Presented in non-anamorphic 1.85:1 widescreen, this isn't nearly up to par with the quality transfers Anchor Bay is known for. Mastered from the Elite laserdisc, this was one of Anchor Bay's first releases back in 1997. The colors are nicely saturated, if muted, and everything appears fairly washed out. There is some definite color bleeding, especially during the fleeting disco scenes, and there are a few anomalies of extreme high grain (during the killers first murder). Sharpness is lacking at times, and there are cases of digital artifacting as well. To Anchor Bay's benefit though, the print used is clean, with only a few blemishes popping up every once and awhile. Those who have grown up watching this film on late night TV or VHS will be pleased to know that this transfer is bright and clear, unlike the usual muddy and at times incomprehensible prints used in the past. Overall, this is a weak, but satisfying, transfer and a large improvement over its videocassette and television counterparts.
Dolby Digital Mono is the only audio track included on the disc, and it, like the video quality, is fairly lacking. There is little range to the print, and it sounds often flat and dull. It is for the most part clear and the music, despite its prominence, never really drowns out the voices. On my DVD player a second 6-channel audio track was selectable, giving me hopes that perhaps a full-fledged 5.1 remix was secretly included, but oddly the track is blank. Perhaps it is a fault of the disc, but it is still a notable peculiarity Prom Night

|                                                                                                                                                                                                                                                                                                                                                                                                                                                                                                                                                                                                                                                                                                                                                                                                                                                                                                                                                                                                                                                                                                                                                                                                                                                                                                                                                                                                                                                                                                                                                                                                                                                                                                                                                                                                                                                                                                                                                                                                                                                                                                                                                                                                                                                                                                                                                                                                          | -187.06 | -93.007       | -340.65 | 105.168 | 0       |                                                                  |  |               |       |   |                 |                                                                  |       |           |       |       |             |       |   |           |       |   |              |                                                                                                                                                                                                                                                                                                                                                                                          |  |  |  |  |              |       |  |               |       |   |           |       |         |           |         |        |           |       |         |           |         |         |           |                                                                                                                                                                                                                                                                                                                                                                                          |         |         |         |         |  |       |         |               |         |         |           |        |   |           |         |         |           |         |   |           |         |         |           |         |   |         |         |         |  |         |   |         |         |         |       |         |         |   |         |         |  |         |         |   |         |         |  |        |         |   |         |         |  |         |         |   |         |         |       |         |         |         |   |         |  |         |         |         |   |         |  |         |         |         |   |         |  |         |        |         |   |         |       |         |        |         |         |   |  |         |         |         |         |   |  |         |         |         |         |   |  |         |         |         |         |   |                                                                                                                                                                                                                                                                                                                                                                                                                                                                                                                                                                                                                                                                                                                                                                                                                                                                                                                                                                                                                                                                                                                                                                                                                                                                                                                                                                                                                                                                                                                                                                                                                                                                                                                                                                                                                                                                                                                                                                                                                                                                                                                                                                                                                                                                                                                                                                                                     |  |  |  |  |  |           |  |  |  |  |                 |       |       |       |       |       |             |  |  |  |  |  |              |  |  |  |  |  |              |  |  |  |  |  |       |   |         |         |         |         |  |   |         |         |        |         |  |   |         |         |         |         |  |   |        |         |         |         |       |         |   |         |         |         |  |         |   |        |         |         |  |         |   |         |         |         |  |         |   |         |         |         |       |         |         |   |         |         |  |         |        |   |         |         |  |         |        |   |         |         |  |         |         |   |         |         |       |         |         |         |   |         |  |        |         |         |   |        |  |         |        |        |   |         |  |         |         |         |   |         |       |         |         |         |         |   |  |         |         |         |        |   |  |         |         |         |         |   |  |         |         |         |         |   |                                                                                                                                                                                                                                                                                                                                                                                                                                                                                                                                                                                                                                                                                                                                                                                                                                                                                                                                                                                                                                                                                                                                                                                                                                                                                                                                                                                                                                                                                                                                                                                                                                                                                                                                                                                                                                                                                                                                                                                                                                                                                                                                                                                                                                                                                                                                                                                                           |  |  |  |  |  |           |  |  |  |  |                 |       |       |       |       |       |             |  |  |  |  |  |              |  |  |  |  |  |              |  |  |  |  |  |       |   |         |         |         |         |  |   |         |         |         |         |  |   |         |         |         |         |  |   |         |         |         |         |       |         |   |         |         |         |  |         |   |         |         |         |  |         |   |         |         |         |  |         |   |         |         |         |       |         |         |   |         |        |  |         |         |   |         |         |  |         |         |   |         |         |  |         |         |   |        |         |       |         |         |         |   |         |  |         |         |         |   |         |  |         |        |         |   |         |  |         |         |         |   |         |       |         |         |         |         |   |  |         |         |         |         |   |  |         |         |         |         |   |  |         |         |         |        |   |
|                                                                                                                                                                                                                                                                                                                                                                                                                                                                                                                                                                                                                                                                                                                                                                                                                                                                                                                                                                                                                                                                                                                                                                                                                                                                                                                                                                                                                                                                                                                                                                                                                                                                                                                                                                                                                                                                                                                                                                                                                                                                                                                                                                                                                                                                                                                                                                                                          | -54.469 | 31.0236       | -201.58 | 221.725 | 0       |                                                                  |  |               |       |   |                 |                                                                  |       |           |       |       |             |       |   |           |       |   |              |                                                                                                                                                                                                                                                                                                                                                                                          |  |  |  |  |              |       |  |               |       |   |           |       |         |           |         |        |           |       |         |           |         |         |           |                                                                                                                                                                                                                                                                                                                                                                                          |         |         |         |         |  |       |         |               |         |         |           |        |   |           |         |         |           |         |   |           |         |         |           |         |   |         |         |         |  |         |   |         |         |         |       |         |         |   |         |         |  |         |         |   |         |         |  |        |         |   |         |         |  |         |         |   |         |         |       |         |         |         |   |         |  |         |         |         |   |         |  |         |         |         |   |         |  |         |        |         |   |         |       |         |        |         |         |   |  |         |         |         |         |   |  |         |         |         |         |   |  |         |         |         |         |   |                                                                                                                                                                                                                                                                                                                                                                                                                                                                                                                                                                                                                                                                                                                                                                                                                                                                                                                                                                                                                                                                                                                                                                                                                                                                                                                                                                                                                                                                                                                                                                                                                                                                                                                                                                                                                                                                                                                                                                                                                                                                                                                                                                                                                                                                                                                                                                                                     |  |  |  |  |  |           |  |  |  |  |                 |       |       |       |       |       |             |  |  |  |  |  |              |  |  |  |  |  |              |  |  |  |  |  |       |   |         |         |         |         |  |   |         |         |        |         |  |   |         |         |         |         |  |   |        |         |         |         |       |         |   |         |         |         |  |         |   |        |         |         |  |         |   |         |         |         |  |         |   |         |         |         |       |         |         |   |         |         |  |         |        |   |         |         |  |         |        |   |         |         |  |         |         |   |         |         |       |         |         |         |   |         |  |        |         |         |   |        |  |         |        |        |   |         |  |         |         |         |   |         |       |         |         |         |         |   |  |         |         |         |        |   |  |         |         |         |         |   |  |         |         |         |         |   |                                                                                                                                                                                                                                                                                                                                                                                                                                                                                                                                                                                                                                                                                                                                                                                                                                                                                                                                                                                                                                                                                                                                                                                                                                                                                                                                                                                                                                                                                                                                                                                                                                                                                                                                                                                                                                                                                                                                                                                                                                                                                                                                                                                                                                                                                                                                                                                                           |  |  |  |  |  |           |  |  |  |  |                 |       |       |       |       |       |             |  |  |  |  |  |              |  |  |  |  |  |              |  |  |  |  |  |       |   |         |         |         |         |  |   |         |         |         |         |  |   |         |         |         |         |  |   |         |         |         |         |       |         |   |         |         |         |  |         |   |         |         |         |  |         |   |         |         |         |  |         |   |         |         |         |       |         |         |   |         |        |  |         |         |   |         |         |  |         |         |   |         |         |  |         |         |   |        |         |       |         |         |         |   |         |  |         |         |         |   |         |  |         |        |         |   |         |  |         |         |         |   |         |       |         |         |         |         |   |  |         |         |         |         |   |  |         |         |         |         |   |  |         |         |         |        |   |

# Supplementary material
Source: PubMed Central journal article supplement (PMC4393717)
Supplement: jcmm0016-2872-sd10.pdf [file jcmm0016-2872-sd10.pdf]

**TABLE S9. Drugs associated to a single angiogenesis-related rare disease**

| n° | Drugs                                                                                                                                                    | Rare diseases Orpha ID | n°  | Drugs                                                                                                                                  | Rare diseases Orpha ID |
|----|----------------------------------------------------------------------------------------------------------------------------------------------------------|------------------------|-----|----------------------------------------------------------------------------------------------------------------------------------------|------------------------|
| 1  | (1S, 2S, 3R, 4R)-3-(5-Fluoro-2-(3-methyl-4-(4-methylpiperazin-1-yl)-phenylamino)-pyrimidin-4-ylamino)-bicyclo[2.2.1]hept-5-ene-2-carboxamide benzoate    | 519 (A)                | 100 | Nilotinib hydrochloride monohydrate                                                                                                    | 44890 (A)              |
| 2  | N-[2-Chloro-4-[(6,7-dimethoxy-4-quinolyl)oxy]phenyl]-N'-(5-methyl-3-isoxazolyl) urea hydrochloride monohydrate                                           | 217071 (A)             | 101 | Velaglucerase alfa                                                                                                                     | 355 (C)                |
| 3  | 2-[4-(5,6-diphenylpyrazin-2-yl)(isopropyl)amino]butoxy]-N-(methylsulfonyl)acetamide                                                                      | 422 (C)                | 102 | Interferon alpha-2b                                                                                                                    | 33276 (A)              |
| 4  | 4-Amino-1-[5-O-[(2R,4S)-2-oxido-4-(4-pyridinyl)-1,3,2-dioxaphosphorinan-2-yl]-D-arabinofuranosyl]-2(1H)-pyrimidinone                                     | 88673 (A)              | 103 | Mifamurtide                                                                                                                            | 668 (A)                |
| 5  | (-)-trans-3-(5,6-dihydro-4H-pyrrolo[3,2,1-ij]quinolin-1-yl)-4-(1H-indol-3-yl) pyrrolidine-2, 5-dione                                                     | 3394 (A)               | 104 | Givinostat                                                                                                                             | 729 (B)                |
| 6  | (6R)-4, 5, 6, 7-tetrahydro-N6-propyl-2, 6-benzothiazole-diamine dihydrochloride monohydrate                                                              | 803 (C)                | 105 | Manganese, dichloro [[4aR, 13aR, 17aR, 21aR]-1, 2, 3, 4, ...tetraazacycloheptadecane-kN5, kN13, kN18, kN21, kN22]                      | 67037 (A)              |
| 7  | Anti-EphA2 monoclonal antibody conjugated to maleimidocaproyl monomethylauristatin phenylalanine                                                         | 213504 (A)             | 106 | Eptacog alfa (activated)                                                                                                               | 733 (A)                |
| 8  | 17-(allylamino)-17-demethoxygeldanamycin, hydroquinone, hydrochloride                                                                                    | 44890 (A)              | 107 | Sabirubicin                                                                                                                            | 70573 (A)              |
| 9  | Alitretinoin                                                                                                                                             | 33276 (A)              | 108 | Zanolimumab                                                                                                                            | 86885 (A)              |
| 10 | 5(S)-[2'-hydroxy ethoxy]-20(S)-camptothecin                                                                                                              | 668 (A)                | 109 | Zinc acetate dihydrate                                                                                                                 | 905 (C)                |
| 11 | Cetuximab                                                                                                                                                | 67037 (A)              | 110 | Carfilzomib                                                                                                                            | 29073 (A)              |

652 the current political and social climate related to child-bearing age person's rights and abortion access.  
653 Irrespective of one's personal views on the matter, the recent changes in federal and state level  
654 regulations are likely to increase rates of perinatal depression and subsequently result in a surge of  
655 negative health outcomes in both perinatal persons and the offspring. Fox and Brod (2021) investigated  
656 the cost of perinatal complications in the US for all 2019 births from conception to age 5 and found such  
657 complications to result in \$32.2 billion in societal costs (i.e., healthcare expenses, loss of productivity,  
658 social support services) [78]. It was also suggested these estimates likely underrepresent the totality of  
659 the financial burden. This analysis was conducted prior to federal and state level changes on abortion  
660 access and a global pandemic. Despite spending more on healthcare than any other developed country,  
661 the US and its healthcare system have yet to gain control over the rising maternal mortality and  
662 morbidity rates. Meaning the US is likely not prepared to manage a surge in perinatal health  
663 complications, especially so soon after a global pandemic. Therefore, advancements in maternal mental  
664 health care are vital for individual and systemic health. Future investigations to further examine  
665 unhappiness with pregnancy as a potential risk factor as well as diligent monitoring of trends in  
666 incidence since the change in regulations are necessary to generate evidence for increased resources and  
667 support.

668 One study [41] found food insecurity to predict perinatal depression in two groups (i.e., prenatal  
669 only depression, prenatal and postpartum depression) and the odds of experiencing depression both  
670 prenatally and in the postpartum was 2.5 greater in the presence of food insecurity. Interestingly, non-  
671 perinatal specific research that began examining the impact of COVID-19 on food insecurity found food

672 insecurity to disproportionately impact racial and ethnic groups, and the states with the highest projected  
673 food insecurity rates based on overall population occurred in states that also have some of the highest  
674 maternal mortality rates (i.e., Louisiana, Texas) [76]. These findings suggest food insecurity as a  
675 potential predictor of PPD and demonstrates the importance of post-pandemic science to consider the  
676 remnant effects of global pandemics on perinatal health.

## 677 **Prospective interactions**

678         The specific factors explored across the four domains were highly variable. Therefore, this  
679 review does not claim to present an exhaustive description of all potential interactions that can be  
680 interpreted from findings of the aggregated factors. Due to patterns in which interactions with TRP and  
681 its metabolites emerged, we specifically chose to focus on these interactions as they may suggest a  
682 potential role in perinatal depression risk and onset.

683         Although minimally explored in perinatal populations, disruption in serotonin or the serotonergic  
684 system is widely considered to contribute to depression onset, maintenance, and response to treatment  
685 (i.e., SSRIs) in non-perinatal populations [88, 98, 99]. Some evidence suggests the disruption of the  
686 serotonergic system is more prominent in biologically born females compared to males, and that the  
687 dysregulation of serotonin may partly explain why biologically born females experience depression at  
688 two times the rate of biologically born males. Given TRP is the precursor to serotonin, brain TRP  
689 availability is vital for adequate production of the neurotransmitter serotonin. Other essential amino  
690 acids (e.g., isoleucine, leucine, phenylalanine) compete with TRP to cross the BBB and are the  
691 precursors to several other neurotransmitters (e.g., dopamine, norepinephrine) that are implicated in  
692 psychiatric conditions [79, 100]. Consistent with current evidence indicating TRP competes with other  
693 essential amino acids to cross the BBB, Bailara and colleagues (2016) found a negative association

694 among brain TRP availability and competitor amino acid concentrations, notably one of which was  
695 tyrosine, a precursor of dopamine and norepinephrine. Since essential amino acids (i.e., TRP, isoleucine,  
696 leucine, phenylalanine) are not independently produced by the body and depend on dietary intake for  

features one of the best scores to grace a slasher flick, and it would have been great to hear it projected throughout my home theater, but alas, this mono track does not do the score justice.
The only extra is a nice widescreen theatrical trailer, very similar in presentation to the film. Included is some scary phone calls proceeded by some great disco music from the score. There are also two inclusions worth mentioning that differ from most Anchor Bay discs. The first is the full motion Chapter Selections menu. All the chapter stops, when highlighted, provide a full motion clip of the scene beside it, which is a whole lot better than the text only menu's that Anchor Bay usually produces. Instead of a solid double-sided insert with the poster art on it, this release has a two-page booklet with some cool artwork from the movie, but no poster art.
is a fun, campy slasher with some great disco music and a strong performance by Jamie Lee Curtis. The audio and visual presentations are poor, and the supplements minimal, but this is still of high recommendation to nostalgic slasher fans. This disc has been out of print for nearly a year now but is still on many store shelves, and Anchor Bay has confirmed that they no longer own the rights to this title, so if you ever want to see this 80's timepiece on the digital medium, then this release is the only chance you are going to get.
Movie - B
Image Quality - C-
Sound - C
Supplements - C-
- Rated R
- 1 Disc
- Chapter Stops
- English Dolby Mono